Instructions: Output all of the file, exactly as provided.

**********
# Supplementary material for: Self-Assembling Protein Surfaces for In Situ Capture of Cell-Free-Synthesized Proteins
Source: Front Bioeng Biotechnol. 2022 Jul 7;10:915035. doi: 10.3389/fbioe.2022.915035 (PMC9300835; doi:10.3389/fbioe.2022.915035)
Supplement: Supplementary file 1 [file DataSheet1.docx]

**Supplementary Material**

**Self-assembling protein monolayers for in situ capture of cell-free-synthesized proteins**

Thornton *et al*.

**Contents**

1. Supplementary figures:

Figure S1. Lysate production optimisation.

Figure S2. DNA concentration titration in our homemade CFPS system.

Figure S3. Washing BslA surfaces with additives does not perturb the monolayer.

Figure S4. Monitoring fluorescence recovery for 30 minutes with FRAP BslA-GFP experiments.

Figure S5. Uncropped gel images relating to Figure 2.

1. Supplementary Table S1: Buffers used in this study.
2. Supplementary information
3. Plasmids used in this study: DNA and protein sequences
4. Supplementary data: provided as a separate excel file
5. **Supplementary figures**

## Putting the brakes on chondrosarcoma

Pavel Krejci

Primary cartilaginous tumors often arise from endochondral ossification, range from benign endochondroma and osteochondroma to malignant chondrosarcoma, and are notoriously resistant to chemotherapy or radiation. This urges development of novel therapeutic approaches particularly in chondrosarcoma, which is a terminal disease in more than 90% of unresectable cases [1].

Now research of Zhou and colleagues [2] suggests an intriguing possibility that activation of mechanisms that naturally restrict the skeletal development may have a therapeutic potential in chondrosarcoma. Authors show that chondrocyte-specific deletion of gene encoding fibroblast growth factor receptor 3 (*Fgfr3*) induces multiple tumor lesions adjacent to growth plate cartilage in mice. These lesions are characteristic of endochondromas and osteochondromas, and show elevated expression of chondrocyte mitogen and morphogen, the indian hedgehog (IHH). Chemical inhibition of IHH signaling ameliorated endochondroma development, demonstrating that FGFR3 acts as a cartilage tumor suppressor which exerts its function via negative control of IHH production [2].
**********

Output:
# Supplementary material for: Self-Assembling Protein Surfaces for In Situ Capture of Cell-Free-Synthesized Proteins
Source: Front Bioeng Biotechnol. 2022 Jul 7;10:915035. doi: 10.3389/fbioe.2022.915035 (PMC9300835; doi:10.3389/fbioe.2022.915035)
Supplement: Supplementary file 1 [file DataSheet1.docx]

**Supplementary Material**

**Self-assembling protein monolayers for in situ capture of cell-free-synthesized proteins**

Thornton *et al*.

**Contents**

1. Supplementary figures:

Figure S1. Lysate production optimisation.

Figure S2. DNA concentration titration in our homemade CFPS system.

Figure S3. Washing BslA surfaces with additives does not perturb the monolayer.

Figure S4. Monitoring fluorescence recovery for 30 minutes with FRAP BslA-GFP experiments.

Figure S5. Uncropped gel images relating to Figure 2.

1. Supplementary Table S1: Buffers used in this study.
2. Supplementary information
3. Plasmids used in this study: DNA and protein sequences
4. Supplementary data: provided as a separate excel file
5. **Supplementary figures**

## Putting the brakes on chondrosarcoma

Pavel Krejci

Primary cartilaginous tumors often arise from endochondral ossification, range from benign endochondroma and osteochondroma to malignant chondrosarcoma, and are notoriously resistant to chemotherapy or radiation. This urges development of novel therapeutic approaches particularly in chondrosarcoma, which is a terminal disease in more than 90% of unresectable cases [1].

Now research of Zhou and colleagues [2] suggests an intriguing possibility that activation of mechanisms that naturally restrict the skeletal development may have a therapeutic potential in chondrosarcoma. Authors show that chondrocyte-specific deletion of gene encoding fibroblast growth factor receptor 3 (*Fgfr3*) induces multiple tumor lesions adjacent to growth plate cartilage in mice. These lesions are characteristic of endochondromas and osteochondromas, and show elevated expression of chondrocyte mitogen and morphogen, the indian hedgehog (IHH). Chemical inhibition of IHH signaling ameliorated endochondroma development, demonstrating that FGFR3 acts as a cartilage tumor suppressor which exerts its function via negative control of IHH production [2].